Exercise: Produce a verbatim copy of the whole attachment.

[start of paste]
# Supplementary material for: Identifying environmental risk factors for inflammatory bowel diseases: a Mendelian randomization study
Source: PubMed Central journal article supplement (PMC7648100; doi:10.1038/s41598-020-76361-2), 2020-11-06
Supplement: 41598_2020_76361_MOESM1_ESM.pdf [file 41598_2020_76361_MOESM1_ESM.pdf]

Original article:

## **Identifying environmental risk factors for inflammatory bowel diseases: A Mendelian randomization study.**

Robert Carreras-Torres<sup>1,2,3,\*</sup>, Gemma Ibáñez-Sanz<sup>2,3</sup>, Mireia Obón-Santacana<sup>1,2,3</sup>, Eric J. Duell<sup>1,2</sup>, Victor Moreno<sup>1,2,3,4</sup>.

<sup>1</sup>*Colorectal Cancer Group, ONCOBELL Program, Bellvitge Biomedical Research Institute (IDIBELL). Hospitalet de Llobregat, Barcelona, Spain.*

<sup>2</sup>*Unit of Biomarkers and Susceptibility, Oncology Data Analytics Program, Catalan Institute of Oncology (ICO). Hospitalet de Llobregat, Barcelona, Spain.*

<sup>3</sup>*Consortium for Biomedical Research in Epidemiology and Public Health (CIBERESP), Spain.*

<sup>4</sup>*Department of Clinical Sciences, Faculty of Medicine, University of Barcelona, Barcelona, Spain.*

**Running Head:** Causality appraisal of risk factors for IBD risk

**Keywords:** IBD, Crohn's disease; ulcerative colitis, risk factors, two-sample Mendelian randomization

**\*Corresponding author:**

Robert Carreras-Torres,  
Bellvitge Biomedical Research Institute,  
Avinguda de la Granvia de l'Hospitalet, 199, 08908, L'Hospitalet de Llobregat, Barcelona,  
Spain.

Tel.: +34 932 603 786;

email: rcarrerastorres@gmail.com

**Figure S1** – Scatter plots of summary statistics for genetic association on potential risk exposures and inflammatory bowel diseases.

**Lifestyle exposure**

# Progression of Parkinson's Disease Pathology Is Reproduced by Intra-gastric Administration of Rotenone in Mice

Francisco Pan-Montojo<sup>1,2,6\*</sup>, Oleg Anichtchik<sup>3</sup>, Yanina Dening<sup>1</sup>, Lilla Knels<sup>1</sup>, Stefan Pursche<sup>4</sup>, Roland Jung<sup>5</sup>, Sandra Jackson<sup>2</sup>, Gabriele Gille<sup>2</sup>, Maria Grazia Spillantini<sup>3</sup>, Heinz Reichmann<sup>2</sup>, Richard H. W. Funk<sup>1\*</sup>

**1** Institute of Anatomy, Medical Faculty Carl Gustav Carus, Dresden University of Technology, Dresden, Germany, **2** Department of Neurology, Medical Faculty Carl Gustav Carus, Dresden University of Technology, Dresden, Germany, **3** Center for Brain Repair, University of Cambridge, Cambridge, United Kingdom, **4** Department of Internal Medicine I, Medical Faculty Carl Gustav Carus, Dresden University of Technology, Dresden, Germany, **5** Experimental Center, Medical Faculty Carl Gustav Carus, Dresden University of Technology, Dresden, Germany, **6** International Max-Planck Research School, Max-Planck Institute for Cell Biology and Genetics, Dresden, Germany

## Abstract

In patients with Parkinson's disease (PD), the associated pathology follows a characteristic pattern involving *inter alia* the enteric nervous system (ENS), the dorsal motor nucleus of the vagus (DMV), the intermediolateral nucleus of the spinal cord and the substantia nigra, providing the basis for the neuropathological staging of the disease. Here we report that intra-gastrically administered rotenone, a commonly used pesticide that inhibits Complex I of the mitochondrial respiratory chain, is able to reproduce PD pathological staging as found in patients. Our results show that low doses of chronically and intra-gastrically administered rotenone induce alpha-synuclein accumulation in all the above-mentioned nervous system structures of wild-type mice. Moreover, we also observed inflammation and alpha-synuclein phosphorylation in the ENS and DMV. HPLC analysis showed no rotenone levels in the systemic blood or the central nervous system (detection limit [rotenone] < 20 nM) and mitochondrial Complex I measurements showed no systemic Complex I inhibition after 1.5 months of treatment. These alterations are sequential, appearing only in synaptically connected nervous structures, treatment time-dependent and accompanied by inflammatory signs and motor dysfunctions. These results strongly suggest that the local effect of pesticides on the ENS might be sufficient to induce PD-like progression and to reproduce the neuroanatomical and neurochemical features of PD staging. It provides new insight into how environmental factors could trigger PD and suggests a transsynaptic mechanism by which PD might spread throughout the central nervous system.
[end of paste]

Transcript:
# Supplementary material for: Identifying environmental risk factors for inflammatory bowel diseases: a Mendelian randomization study
Source: PubMed Central journal article supplement (PMC7648100; doi:10.1038/s41598-020-76361-2), 2020-11-06
Supplement: 41598_2020_76361_MOESM1_ESM.pdf [file 41598_2020_76361_MOESM1_ESM.pdf]

Original article:

## **Identifying environmental risk factors for inflammatory bowel diseases: A Mendelian randomization study.**

Robert Carreras-Torres<sup>1,2,3,\*</sup>, Gemma Ibáñez-Sanz<sup>2,3</sup>, Mireia Obón-Santacana<sup>1,2,3</sup>, Eric J. Duell<sup>1,2</sup>, Victor Moreno<sup>1,2,3,4</sup>.

<sup>1</sup>*Colorectal Cancer Group, ONCOBELL Program, Bellvitge Biomedical Research Institute (IDIBELL). Hospitalet de Llobregat, Barcelona, Spain.*

<sup>2</sup>*Unit of Biomarkers and Susceptibility, Oncology Data Analytics Program, Catalan Institute of Oncology (ICO). Hospitalet de Llobregat, Barcelona, Spain.*

<sup>3</sup>*Consortium for Biomedical Research in Epidemiology and Public Health (CIBERESP), Spain.*

<sup>4</sup>*Department of Clinical Sciences, Faculty of Medicine, University of Barcelona, Barcelona, Spain.*

**Running Head:** Causality appraisal of risk factors for IBD risk

**Keywords:** IBD, Crohn's disease; ulcerative colitis, risk factors, two-sample Mendelian randomization

**\*Corresponding author:**

Robert Carreras-Torres,  
Bellvitge Biomedical Research Institute,  
Avinguda de la Granvia de l'Hospitalet, 199, 08908, L'Hospitalet de Llobregat, Barcelona,  
Spain.

Tel.: +34 932 603 786;

email: rcarrerastorres@gmail.com

**Figure S1** – Scatter plots of summary statistics for genetic association on potential risk exposures and inflammatory bowel diseases.

**Lifestyle exposure**

# Progression of Parkinson's Disease Pathology Is Reproduced by Intra-gastric Administration of Rotenone in Mice

Francisco Pan-Montojo<sup>1,2,6\*</sup>, Oleg Anichtchik<sup>3</sup>, Yanina Dening<sup>1</sup>, Lilla Knels<sup>1</sup>, Stefan Pursche<sup>4</sup>, Roland Jung<sup>5</sup>, Sandra Jackson<sup>2</sup>, Gabriele Gille<sup>2</sup>, Maria Grazia Spillantini<sup>3</sup>, Heinz Reichmann<sup>2</sup>, Richard H. W. Funk<sup>1\*</sup>

**1** Institute of Anatomy, Medical Faculty Carl Gustav Carus, Dresden University of Technology, Dresden, Germany, **2** Department of Neurology, Medical Faculty Carl Gustav Carus, Dresden University of Technology, Dresden, Germany, **3** Center for Brain Repair, University of Cambridge, Cambridge, United Kingdom, **4** Department of Internal Medicine I, Medical Faculty Carl Gustav Carus, Dresden University of Technology, Dresden, Germany, **5** Experimental Center, Medical Faculty Carl Gustav Carus, Dresden University of Technology, Dresden, Germany, **6** International Max-Planck Research School, Max-Planck Institute for Cell Biology and Genetics, Dresden, Germany

## Abstract

In patients with Parkinson's disease (PD), the associated pathology follows a characteristic pattern involving *inter alia* the enteric nervous system (ENS), the dorsal motor nucleus of the vagus (DMV), the intermediolateral nucleus of the spinal cord and the substantia nigra, providing the basis for the neuropathological staging of the disease. Here we report that intra-gastrically administered rotenone, a commonly used pesticide that inhibits Complex I of the mitochondrial respiratory chain, is able to reproduce PD pathological staging as found in patients. Our results show that low doses of chronically and intra-gastrically administered rotenone induce alpha-synuclein accumulation in all the above-mentioned nervous system structures of wild-type mice. Moreover, we also observed inflammation and alpha-synuclein phosphorylation in the ENS and DMV. HPLC analysis showed no rotenone levels in the systemic blood or the central nervous system (detection limit [rotenone] < 20 nM) and mitochondrial Complex I measurements showed no systemic Complex I inhibition after 1.5 months of treatment. These alterations are sequential, appearing only in synaptically connected nervous structures, treatment time-dependent and accompanied by inflammatory signs and motor dysfunctions. These results strongly suggest that the local effect of pesticides on the ENS might be sufficient to induce PD-like progression and to reproduce the neuroanatomical and neurochemical features of PD staging. It provides new insight into how environmental factors could trigger PD and suggests a transsynaptic mechanism by which PD might spread throughout the central nervous system.